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HandWiki. Herring–Nabarro Creep. Encyclopedia. Available online: https://encyclopedia.pub/entry/33464 (accessed on 21 April 2024).
HandWiki. Herring–Nabarro Creep. Encyclopedia. Available at: https://encyclopedia.pub/entry/33464. Accessed April 21, 2024.
HandWiki. "Herring–Nabarro Creep" Encyclopedia, https://encyclopedia.pub/entry/33464 (accessed April 21, 2024).
HandWiki. (2022, November 08). Herring–Nabarro Creep. In Encyclopedia. https://encyclopedia.pub/entry/33464
HandWiki. "Herring–Nabarro Creep." Encyclopedia. Web. 08 November, 2022.
Herring–Nabarro Creep
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Nabarro–Herring creep is a mode of deformation of crystalline materials (and amorphous materials) that occurs at low stresses and held at elevated temperatures in fine-grained materials. In Nabarro–Herring creep (NH creep), atoms diffuse through the crystals, and the creep rate varies inversely with the square of the grain size so fine-grained materials creep faster than coarser-grained ones. NH creep is solely controlled by diffusional mass transport. This type of creep results from the diffusion of vacancies from regions of high chemical potential at grain boundaries subjected to normal tensile stresses to regions of lower chemical potential where the average tensile stresses across the grain boundaries are zero. Self-diffusion within the grains of a polycrystalline solid can cause the solid to yield to an applied shearing stress, the yielding being caused by a diffusional flow of matter within each crystal grain away from boundaries where there is a normal pressure and toward those where there is a normal tension. Atoms migrating in the opposite direction account for the creep strain ([math]\displaystyle{ \epsilon_{NH} }[/math]). The creep strain rate is derived in the next section. NH creep is more important in ceramics than metals as dislocation motion is more difficult to effect in ceramics.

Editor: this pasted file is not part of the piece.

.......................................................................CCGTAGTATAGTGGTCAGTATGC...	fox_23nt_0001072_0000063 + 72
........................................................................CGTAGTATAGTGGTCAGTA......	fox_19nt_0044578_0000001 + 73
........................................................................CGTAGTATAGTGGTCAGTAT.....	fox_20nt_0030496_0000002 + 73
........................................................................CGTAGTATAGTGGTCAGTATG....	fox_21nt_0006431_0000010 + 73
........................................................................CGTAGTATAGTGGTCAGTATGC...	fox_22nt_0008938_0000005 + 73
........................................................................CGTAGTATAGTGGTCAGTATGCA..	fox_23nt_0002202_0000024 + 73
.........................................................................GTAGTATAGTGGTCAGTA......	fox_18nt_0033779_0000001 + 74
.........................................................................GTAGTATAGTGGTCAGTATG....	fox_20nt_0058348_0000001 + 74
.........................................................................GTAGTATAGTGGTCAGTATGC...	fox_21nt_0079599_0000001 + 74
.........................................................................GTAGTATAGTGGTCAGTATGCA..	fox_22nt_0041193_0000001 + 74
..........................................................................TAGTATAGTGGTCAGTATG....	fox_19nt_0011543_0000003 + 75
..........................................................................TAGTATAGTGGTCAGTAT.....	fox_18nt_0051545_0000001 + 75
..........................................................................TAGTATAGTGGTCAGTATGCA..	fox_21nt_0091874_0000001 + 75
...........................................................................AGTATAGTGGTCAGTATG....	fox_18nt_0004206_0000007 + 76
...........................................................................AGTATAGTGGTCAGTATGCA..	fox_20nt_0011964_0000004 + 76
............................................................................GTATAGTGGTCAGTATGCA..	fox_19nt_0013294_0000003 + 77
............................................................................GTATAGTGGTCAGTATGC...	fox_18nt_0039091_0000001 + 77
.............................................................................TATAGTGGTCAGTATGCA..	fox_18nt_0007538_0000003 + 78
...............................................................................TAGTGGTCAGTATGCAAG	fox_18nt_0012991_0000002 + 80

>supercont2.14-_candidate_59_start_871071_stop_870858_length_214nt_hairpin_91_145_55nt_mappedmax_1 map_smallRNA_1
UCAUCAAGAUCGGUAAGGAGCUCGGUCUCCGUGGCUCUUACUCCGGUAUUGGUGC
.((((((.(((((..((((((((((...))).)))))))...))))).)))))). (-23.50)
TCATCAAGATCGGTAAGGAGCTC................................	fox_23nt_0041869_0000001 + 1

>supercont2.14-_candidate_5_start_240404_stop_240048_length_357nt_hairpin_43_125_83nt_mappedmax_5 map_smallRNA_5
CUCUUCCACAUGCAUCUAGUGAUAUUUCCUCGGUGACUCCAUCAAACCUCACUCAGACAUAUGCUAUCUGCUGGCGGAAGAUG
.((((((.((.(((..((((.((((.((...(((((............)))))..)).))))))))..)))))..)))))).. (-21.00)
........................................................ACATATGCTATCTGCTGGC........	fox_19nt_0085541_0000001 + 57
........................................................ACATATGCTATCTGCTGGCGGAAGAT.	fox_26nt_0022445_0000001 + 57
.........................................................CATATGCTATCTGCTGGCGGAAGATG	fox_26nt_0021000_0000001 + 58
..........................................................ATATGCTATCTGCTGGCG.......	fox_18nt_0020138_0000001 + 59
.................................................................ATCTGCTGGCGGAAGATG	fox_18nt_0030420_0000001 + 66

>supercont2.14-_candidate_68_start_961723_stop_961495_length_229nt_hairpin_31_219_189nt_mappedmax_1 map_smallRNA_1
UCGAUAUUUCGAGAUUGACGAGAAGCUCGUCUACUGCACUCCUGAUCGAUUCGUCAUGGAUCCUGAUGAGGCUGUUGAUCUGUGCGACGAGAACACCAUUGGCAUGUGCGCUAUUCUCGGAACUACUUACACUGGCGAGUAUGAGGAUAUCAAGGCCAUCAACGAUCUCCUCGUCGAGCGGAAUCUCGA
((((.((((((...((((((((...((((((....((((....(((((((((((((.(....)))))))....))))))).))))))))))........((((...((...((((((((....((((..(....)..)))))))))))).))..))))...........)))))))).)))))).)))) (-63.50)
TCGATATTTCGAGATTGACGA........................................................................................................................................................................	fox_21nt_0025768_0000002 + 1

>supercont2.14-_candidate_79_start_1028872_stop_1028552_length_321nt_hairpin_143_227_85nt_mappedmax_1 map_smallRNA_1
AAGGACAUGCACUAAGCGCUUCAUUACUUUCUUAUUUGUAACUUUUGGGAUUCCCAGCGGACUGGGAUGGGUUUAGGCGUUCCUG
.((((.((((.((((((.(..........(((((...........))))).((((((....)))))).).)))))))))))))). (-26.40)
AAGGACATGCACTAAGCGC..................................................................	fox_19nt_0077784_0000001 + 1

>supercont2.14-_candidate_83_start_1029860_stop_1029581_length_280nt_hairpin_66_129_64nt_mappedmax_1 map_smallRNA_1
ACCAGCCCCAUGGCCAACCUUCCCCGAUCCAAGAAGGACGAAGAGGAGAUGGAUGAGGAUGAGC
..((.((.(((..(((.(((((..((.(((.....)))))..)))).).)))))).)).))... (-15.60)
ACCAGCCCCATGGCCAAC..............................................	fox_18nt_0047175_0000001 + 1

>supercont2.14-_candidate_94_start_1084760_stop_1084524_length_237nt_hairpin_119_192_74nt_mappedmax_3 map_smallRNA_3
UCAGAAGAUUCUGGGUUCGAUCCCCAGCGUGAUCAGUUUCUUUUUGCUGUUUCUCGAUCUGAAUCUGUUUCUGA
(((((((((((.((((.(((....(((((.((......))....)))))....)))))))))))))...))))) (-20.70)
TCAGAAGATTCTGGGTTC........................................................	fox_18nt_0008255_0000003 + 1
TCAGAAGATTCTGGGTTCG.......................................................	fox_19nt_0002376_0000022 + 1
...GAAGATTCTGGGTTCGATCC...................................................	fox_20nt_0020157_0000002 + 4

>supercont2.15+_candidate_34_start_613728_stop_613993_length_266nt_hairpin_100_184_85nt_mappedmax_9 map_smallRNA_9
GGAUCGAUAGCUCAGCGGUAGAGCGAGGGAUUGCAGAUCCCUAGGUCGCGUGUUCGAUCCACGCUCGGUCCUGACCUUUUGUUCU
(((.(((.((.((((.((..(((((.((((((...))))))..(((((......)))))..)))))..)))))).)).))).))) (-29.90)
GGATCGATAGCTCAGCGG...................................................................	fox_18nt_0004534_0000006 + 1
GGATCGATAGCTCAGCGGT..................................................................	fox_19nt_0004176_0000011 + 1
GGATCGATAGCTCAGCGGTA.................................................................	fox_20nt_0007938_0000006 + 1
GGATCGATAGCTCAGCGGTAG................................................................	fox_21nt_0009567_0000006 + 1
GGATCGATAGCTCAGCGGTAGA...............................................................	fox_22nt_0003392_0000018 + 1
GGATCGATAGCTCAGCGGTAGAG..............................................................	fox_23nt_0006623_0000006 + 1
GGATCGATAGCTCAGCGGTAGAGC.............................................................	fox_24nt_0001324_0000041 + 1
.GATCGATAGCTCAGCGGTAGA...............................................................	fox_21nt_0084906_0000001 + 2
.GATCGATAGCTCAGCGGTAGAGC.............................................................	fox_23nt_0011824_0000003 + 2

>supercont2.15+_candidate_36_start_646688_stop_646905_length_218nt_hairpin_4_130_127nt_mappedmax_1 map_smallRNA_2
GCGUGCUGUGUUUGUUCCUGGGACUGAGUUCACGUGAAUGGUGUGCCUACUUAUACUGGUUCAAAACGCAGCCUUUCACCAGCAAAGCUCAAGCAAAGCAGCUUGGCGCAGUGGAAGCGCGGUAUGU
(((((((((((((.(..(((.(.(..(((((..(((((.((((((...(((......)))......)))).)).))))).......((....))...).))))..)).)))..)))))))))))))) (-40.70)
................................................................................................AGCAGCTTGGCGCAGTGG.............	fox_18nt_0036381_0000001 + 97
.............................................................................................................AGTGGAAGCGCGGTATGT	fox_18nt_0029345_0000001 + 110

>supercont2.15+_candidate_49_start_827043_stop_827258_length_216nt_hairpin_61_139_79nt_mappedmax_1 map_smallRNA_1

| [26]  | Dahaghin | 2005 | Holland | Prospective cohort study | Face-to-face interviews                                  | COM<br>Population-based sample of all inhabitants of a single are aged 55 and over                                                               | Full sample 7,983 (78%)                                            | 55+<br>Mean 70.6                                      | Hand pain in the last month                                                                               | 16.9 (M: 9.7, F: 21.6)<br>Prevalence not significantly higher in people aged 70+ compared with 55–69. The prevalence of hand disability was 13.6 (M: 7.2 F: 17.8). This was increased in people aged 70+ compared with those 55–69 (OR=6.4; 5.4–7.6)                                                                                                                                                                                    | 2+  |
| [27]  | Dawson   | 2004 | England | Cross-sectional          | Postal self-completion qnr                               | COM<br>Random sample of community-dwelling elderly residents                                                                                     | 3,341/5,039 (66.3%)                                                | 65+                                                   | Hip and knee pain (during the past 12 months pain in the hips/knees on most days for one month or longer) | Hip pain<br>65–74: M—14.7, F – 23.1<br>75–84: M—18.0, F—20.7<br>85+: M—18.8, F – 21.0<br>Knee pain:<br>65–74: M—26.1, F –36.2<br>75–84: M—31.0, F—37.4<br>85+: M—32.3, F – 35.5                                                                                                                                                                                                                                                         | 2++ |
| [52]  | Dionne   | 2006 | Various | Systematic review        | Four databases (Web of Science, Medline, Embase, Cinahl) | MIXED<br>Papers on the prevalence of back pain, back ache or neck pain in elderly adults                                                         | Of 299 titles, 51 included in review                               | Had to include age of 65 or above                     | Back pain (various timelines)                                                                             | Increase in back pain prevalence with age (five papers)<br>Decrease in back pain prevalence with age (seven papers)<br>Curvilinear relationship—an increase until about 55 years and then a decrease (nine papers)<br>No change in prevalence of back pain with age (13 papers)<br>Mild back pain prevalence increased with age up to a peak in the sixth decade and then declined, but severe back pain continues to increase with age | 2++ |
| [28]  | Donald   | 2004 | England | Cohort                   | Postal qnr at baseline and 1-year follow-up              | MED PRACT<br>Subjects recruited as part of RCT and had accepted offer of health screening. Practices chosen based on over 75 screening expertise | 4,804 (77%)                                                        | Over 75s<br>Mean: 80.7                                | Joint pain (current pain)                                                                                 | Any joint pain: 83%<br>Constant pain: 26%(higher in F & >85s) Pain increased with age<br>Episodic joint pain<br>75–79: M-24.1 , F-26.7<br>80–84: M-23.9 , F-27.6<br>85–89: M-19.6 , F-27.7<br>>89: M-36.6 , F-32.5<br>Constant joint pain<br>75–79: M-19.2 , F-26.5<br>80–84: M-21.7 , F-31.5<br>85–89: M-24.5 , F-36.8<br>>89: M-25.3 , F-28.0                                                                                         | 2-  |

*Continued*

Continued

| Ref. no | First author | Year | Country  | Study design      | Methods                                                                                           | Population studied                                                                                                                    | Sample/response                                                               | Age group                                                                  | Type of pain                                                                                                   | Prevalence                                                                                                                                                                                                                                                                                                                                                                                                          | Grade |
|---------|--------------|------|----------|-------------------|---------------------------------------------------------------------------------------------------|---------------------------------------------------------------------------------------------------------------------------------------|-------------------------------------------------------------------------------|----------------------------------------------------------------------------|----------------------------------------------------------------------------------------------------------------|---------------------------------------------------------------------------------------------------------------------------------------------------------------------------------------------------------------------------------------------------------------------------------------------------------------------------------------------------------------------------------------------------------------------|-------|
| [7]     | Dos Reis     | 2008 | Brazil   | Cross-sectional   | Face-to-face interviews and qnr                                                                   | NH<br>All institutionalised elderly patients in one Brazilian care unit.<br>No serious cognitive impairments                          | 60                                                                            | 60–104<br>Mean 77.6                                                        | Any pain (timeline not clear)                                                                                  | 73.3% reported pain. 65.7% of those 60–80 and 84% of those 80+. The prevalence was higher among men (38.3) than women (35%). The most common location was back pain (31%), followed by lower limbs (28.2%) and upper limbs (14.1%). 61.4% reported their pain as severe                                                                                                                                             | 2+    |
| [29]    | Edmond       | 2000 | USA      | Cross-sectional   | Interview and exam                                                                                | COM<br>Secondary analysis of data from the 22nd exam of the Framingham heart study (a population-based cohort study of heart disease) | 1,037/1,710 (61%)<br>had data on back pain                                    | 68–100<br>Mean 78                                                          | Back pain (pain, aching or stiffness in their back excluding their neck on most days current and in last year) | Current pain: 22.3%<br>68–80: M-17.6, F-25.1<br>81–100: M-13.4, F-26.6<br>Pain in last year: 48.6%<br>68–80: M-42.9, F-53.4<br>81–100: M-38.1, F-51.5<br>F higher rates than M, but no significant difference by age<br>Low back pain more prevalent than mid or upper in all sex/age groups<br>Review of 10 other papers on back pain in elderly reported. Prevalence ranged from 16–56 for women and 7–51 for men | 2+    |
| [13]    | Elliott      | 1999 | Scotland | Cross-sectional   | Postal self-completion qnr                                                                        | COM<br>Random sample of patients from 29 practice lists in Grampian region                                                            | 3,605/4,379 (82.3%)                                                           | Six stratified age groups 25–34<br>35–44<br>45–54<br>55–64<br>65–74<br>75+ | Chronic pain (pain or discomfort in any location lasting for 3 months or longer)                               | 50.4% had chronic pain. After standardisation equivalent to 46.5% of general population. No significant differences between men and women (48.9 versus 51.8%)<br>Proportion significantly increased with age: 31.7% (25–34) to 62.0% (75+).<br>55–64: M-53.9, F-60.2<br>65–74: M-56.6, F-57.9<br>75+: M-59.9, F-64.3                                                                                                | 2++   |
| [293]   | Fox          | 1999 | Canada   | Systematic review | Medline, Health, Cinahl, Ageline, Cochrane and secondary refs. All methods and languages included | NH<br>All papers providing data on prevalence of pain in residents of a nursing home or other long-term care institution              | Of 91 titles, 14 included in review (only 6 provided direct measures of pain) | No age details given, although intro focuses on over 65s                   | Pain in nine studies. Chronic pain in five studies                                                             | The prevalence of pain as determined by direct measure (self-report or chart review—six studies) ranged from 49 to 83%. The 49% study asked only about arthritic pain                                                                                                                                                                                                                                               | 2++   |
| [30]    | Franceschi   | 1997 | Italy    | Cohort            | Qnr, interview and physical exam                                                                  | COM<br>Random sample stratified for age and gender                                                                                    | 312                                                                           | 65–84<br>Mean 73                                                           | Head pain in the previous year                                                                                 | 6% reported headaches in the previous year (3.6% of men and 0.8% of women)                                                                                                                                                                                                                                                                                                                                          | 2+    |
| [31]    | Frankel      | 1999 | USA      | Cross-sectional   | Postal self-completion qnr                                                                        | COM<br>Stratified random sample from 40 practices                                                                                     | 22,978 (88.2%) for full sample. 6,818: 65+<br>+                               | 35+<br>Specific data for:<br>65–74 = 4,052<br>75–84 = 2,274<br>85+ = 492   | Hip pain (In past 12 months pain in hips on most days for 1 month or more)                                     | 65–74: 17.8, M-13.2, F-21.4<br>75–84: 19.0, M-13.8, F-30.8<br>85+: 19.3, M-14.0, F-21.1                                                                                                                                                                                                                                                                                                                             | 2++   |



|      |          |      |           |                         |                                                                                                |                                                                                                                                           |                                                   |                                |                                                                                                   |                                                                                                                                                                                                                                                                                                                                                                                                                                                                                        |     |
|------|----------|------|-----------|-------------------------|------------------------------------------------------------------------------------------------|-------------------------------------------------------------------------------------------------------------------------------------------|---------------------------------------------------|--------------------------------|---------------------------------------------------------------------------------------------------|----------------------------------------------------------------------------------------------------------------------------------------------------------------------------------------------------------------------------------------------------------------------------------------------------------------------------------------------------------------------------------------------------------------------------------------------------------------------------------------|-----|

crystalline materials fine-grained materials chemical potential

1. Derivation of Nabarro-Herring Creep Rate[1]

The Nabarro-Herring creep rate, [math]\displaystyle{ \dot\epsilon_{NH} }[/math], can be derived by considering an individual rectangular grain (in a single or polycrystal) as outlined in Reference.[1] Two opposing sides have a compressive stress applied and the other two have a tensile stress applied. The atomic volume is decreased by compression and increased by tension. Under this change, the activation energy to form a vacancy is altered by [math]\displaystyle{ \pm \sigma\Omega }[/math]. The atomic volume is [math]\displaystyle{ \Omega }[/math] and the stress is [math]\displaystyle{ \sigma }[/math]. The plus and minus indication is an increase or decrease in the activation energy due to the tensile and compressive stresses, respectively. The fraction of vacancy concentrations in the compressive ([math]\displaystyle{ N_{\nu}^C }[/math]) and tensile ([math]\displaystyle{ N_{\nu}^T }[/math]) regions are given as:

[math]\displaystyle{ N_{\nu}^C \approx \exp \left(-\frac{Q_f}{kT} \right) \exp \left(-\frac{\sigma \Omega}{kT} \right) }[/math], [math]\displaystyle{ N_{\nu}^T \approx \exp \left(-\frac{Q_f}{kT} \right) \exp \left(\frac{\sigma \Omega}{kT} \right) }[/math]

In these equations [math]\displaystyle{ Q_f }[/math] is the vacancy formation energy, [math]\displaystyle{ k }[/math] is the Boltzmann constant, and [math]\displaystyle{ T }[/math] is the absolute temperature. These vacancy concentrations are maintained at the lateral and horizontal surfaces in the grain. These net concentrations drive vacancies to the compressive regions from the tensile ones which causes grain elongation in one dimension and grain compression in the other. This is creep deformation caused by a flux of vacancy motion.